Stay on top of all our E3 2013 coverage here.
Microsoft’s E3 conference presented an onslaught of awesome-looking games, but we still have a lot of lingering questions about the console they’ll all appear on, the Xbox One.
From the very start, Microsoft has appeared cagey about what its upcoming console (due to launch this November for $499) does and doesn’t do in terms of digital rights management (DRM), playing used games, and a whole host of other issues. Its PR attempts to clarify those sticking points only led to more and more questions. We’ve also heard, but cannot confirm, that Microsoft has cancelled 1-on-1 interviews with at least one outlet that was outspoken on the company’s policies.
But we still see a number of things we need to know before we’ll spend money for an Xbox One.
Will your Xbox 360 Gamertag, Gamerscore, and purchases carry over?
The Xbox One’s all-new architecture makes backward compatibility of retail discs a nonstarter, but we’ve heard for a while that the noncompliance doesn’t end there.
It might seem like a no-brainer to let people carry over all their account information after a simple sign-in, but apparently, the new Xbox Live might not be compatible with the old version, either. Supposedly, that means all the downloadable games you’ve purchased won’t apply to the Xbox One, either, effectively wiping away all the money you’ve invested in Xbox software over the last eight years. Does Microsoft have a solution for that that doesn’t involve their customers having to buy their favorite games twice? It would be very nice if they did.
Can we still rent games for the Xbox One?
Microsoft says it won’t charge gamers to play a second-hand game, but it has danced around the question of whether that disc will play at all in an Xbox One. But then, the rules around simply borrowing a disc from a friend are so complicated — you can play for an hour offline, but maybe longer online, but only if you’ve been friends for more than 30 days, and only once — that they practically qualify as a deterrent in and of themselves.
Rented games, however, have slipped under the radar in terms of hard information. With that “loaned games only play once,” the signs point to bad news for rental services like Gamefly, but maybe Microsoft has a labyrinthian scheme to allow for such games, too. Or maybe it’s still figuring this one out, because so far, nobody at the company has given us a straight answer on the subject.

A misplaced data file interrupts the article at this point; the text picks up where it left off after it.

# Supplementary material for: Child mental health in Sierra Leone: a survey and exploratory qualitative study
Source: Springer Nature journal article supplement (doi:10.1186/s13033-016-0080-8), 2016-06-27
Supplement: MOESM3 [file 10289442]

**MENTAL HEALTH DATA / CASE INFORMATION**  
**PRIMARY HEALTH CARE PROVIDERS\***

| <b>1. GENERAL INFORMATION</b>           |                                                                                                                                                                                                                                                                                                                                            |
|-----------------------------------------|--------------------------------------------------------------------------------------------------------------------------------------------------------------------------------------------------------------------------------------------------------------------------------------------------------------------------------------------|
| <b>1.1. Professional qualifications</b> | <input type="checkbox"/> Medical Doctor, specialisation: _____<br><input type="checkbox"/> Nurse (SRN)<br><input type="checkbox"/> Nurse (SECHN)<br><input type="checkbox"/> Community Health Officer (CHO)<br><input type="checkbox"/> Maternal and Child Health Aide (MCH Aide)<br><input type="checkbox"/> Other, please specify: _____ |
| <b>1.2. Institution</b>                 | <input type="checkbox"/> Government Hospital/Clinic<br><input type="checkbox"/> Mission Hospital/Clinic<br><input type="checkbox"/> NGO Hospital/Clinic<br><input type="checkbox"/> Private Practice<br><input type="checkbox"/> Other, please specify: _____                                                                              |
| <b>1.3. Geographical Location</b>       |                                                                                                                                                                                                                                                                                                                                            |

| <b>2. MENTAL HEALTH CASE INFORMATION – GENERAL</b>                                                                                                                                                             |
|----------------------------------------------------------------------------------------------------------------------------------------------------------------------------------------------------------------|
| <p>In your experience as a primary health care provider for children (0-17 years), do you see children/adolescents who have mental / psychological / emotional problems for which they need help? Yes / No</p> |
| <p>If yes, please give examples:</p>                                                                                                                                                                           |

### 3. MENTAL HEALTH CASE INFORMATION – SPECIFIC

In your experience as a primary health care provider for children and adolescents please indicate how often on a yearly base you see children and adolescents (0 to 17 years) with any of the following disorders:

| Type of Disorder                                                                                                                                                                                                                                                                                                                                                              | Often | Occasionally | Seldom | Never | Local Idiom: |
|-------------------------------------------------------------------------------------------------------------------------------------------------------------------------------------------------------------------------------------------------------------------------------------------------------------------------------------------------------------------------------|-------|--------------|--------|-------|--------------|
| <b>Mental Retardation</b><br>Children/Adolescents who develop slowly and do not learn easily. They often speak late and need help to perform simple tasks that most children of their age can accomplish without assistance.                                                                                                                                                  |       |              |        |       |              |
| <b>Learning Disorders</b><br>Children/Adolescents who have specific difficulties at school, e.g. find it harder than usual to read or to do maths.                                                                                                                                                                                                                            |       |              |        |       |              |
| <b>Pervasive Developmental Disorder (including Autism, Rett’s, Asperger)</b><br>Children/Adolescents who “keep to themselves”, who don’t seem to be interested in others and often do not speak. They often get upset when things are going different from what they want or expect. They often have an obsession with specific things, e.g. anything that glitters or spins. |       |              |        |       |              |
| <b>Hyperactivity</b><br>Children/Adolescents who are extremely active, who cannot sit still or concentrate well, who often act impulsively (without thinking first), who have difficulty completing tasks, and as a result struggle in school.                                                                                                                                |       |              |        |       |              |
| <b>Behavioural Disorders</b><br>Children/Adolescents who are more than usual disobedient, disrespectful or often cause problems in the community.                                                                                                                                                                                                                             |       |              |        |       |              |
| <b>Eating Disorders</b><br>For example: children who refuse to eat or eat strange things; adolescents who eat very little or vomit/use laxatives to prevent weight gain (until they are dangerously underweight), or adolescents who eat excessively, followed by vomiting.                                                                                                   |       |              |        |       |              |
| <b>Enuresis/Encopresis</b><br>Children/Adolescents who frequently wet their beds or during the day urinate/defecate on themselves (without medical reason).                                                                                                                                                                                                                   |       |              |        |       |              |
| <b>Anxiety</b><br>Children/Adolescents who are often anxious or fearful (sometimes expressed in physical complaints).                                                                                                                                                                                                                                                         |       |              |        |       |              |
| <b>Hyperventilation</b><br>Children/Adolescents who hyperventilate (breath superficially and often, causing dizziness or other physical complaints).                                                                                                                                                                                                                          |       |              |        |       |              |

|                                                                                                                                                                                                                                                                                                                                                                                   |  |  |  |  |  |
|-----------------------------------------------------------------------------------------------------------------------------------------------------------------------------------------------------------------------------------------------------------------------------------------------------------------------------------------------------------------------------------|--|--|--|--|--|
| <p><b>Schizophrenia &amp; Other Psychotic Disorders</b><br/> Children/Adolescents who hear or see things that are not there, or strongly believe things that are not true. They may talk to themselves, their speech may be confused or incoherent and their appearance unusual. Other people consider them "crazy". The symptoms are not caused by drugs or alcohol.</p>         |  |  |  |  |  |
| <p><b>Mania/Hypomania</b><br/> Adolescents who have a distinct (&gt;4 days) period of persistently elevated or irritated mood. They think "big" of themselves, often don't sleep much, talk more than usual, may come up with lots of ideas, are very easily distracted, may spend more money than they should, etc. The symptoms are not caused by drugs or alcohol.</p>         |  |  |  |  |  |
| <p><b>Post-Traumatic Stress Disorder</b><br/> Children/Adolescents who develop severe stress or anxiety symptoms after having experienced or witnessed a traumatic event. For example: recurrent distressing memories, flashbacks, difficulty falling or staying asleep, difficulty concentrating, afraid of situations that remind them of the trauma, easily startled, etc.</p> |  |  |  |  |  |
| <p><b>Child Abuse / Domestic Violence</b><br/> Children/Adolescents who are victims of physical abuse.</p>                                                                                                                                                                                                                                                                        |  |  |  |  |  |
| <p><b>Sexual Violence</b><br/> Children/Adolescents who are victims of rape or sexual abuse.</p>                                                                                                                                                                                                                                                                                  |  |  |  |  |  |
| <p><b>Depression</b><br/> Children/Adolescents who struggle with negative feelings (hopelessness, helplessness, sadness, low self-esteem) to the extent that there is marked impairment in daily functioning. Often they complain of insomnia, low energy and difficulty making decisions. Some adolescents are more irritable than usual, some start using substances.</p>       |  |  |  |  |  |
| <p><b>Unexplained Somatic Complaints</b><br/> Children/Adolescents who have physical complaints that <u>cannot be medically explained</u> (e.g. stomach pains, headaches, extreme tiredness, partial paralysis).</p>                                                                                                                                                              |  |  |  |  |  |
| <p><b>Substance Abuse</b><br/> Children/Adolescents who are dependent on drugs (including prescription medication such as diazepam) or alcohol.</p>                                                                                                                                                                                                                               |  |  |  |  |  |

Will Xbox One offer a solution for customers who can’t always be online?
Hope you’ve got a good Internet connection. The Xbox One requires an online check-in every 24 hours or else your games won’t work anymore. “Offline gaming is not possible after these prescribed times until you re-establish a connection,” according to Microsoft’s PR release, “but you can still watch live TV and enjoy Blu-ray and DVD movies.”
That’s a problem for roughly 60 percent of the planet. Your $500 Xbox One basically becomes a very expensive cable box/DVD player unless it can ping home base and verify that you, the Microsoft customer, are not a criminal using stolen software. Given that a borrowed game will only play once for one hour while offline, it’s unclear why this extra layer of security is even necessary. Certainly, its benefit to consumers seems to be somewhere below zero.
But either way, unless Microsoft has some kind of escape clause, they just gave entire countries — not to mention American soldiers serving in combat theaters — a reason not to buy their products.
How mandatory is Kinect?
Personally, I don’t feel like playing one-man charades just to access my content, but we’re getting indications that some Kinect-based motion controls are the only way to do certain things. That also seems unlikely, but the straight answers from Microsoft just aren’t forthcoming.
And the story seems to be changing, anyway. Originally, we were told that the Kinect camera would always be on … until the German government put the brakes on it by launching a privacy-issues investigation into having an always-on camera pointed at you in your living room. Microsoft later stated that Xbox One owners could change the level of Kinect involvement in the setup. But can I turn it off completely? Can I possibly not use Kinect? Is that allowed? Or will I be forced to wave spastically at the screen just to bring up a video I want to watch?
Is an Xbox Live Gold membership vital to using these features?
Gold accounts will still be a part of Xbox, and in fact, it sounds like you only need one Gold account per household now — those benefits will apply on that console whether that specific member is signed in or not. But this is an always-online console, with features keyed into always being online. When does Microsoft start charging for those?
For example, do you need a Gold account to lend a game to a friend, or to play a game that friend loaned to you? Microsoft’s language to date suggests got to download code from cloud storage in order to do that. So does Gold membership change how the Xbox One’s cloud computing access operates? Or Twitch streaming? Or anything else, really. I highly doubt it, but for all we know right now, Gold membership could be mandatory to that once-a-day check-in. We just don’t know.
But now we do know this: Sony’s PlayStation 4 doesn’t have mandatory online, won’t require a daily check-in, isn’t restricting the use of rented or borrowed games, and costs $100 less, just as Patcher guessed. So the really big question now is will Microsoft stick to its guns or flinch in the face of a simpler, more customer-friendly alternative.
Mobile developer or publisher? VentureBeat is studying mobile marketing automation.
Fill out our 5-minute survey
, and we'll share the data with you.